On the other hand, BTCC chief operating officer Samson Mow argued that ViaBTC and others can fork to form their own currency at any time (without a hard fork).
"If they truly believe the current block size is holding back exponential adoption, causing users to suffer from high fees or unreliable confirmation times and preventing business with millions of users from integrating bitcoin, then shouldn't they fork to solve all of those dire problems?" he argued.
For now, however, it seems the two groups are still attached to their economic marriage.
Mow worried the move could threaten not only bitcoin's future but the livelihood of those who are dedicated to supporting it.
"A contentious hard-fork would wipe out billions of dollars in value for people and companies who hold bitcoin as an asset," he said.
Still, these comments suggest that the past ethereum hard fork continues to be a reference point in bitcoin's debate.
The best-known display of a hard fork without full support (and its failure or success depending on point of view), the two networks (ethereum and ethereum classic) now both operate separately, commanding about as much value as they did before.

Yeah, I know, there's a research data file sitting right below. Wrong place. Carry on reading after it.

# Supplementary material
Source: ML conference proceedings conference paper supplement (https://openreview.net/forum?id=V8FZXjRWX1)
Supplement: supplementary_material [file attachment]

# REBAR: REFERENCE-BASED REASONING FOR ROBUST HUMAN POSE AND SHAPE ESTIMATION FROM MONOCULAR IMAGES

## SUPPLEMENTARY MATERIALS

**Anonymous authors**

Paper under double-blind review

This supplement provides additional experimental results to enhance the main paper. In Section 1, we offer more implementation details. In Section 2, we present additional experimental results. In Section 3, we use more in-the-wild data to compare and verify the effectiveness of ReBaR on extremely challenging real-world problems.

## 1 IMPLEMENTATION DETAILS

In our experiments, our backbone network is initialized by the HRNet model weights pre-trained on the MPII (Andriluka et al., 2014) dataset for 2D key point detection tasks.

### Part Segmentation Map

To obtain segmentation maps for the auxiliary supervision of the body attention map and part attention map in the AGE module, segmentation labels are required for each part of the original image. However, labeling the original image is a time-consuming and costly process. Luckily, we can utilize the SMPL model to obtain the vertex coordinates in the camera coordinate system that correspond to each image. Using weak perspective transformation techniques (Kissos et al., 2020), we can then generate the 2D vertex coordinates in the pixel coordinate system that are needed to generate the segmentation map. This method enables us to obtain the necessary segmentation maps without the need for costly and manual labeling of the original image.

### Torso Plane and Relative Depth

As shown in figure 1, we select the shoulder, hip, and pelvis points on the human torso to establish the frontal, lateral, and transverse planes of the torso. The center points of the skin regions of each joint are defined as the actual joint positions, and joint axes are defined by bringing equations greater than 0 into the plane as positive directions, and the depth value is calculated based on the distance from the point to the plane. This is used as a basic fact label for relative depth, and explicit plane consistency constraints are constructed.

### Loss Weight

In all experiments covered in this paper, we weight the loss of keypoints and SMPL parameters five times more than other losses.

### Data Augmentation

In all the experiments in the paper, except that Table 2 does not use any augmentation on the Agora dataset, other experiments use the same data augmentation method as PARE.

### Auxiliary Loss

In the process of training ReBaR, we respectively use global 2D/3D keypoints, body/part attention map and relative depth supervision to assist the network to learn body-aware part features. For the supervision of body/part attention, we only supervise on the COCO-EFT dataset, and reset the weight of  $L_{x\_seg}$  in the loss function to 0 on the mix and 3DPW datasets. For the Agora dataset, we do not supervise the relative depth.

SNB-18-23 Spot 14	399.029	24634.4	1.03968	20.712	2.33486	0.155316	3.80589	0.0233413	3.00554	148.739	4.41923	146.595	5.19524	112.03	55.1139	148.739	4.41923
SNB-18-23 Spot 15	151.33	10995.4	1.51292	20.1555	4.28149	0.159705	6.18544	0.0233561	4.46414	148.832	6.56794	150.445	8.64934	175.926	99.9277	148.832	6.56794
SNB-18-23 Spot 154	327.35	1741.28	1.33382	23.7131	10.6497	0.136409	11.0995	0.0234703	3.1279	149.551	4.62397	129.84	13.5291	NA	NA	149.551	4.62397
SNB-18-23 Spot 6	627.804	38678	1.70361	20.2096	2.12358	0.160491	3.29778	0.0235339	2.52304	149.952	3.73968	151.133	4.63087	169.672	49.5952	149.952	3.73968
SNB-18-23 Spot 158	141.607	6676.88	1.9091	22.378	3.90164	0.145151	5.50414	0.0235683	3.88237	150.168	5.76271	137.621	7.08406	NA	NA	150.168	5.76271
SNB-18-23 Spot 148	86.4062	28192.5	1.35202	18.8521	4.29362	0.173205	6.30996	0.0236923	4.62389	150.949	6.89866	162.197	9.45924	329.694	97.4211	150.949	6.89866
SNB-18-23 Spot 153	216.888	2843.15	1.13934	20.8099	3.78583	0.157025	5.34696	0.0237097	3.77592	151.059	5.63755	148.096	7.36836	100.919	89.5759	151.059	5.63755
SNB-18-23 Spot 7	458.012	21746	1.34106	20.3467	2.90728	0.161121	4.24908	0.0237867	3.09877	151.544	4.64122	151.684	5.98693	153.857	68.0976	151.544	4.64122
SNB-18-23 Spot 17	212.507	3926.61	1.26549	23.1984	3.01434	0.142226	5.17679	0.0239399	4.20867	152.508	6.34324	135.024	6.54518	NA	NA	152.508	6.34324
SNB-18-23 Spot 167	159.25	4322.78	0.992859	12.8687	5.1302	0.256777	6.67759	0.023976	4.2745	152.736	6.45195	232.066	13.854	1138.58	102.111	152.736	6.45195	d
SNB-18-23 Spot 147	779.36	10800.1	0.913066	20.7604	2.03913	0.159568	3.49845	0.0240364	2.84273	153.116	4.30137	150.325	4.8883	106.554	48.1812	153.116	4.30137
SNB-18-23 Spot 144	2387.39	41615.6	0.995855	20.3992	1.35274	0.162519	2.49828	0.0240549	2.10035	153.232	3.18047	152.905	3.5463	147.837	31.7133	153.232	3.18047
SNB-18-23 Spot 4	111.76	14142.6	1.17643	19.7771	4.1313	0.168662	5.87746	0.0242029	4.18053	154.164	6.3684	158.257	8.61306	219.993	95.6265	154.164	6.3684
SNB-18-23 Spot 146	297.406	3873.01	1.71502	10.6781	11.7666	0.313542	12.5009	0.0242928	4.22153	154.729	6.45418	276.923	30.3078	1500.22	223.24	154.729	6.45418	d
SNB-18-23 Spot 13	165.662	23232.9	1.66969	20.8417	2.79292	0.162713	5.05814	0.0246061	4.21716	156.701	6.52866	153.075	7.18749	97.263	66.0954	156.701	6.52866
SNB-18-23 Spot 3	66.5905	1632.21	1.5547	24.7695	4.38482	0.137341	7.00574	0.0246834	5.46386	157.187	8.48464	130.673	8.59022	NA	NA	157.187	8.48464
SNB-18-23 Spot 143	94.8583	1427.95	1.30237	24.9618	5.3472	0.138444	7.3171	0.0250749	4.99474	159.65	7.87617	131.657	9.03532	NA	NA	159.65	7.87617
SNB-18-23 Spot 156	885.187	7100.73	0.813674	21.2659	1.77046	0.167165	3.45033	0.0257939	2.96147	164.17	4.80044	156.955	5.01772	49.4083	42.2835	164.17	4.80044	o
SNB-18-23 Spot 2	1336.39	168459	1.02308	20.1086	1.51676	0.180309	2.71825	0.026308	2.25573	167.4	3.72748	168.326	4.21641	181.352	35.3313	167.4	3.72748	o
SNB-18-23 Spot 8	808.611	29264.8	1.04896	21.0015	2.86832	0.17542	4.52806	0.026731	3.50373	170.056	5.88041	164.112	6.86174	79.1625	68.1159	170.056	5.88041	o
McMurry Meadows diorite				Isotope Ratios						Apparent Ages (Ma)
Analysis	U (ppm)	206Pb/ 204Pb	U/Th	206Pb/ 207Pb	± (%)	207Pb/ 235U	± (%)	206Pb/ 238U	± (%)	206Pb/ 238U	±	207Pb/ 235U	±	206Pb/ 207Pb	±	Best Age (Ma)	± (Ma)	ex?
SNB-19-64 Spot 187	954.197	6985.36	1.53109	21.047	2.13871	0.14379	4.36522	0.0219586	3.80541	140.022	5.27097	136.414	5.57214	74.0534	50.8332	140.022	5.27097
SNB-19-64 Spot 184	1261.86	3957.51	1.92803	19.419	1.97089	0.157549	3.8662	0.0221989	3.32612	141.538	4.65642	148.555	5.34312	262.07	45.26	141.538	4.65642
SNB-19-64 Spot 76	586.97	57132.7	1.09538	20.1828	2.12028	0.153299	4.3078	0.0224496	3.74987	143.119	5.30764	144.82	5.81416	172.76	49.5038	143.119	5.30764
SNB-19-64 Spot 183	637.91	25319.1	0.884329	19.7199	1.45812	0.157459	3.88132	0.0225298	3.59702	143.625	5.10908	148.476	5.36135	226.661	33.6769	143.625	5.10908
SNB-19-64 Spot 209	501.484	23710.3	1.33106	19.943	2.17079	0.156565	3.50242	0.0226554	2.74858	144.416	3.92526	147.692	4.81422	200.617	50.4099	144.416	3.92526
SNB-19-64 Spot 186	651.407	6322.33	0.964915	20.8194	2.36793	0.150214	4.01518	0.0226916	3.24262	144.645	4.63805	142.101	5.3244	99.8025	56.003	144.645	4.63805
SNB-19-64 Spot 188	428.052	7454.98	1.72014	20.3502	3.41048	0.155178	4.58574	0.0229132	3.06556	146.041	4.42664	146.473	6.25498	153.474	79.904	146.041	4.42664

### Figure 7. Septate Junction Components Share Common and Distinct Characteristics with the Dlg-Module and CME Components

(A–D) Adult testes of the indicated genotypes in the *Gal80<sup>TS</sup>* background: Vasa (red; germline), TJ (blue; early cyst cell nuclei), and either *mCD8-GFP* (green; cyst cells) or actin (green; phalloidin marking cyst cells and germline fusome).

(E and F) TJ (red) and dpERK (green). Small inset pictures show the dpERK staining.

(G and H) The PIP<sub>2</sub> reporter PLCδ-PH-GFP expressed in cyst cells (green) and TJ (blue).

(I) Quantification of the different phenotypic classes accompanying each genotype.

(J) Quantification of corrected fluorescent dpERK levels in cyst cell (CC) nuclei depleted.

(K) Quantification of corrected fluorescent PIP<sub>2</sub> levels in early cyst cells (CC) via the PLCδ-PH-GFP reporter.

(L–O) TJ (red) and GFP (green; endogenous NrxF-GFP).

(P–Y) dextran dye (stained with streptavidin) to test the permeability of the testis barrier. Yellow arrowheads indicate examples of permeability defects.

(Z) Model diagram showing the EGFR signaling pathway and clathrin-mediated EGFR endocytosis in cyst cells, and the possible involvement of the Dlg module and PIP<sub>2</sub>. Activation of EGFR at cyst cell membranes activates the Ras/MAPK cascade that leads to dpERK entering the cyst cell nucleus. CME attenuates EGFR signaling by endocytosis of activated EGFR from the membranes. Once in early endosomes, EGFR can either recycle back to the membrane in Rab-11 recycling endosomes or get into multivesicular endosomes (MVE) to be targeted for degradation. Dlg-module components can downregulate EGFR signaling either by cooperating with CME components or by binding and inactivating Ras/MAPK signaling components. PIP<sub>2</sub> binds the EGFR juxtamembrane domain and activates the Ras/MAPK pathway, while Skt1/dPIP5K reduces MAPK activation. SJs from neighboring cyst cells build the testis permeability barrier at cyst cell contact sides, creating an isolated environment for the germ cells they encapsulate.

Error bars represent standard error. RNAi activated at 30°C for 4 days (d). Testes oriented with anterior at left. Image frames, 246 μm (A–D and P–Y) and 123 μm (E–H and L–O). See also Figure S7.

But, bitcoin's supporters believe its status could be harmed by a similar move, eroding confidence that the network will deliver on its promise to differ from traditional, top-down payment networks by ditching majority rule.
In this way, the hard fork debate may be more about whether 95% is too high a threshold to enact a change on a blockchain, or whether all participants in a blockchain are really part of a willing economic coalition.
Johnston worried that bitcoin will never progress if changes to the software require all of its participants to agree.
"The 95% level of adoption seems a recipe for calcification, where new innovations effectively become impossible to get adopted," Johnston said.
Others, like faculty member at the University of Nicosia, George Papageorgiou, are optimistic about bitcoin’s future and see the block size debate as a healthy ongoing conversation, as bitter as it has been.
"Discourse and different opinions are very much a part of this evolution and I don't think they should stop or be hampered in any way," he said.
What about a future fork?
While many bitcoin developers and observers oppose the most recent effort to fork, most agree that the option is on the table.
Adding fuel to the fire is that, without solid definitions, everyone is free to come to their own conclusion about how and when such decisions are made.
"There's nothing wrong with a hard fork. The only question is how it's done," Mow said, again arguing for a non-contentious change.
This disagreement has also arguably diminished developer attention to the issue.
Blockstream co-founder and Bitcoin Core developer Matt Corallo noted the lack of hard fork proposals at bitcoin's most recent annual developer conference, noting that Core developers are not ignoring the topic. "Private discussion" has been ongoing, he said, with many suggesting rollout proposals to make a hard fork easier.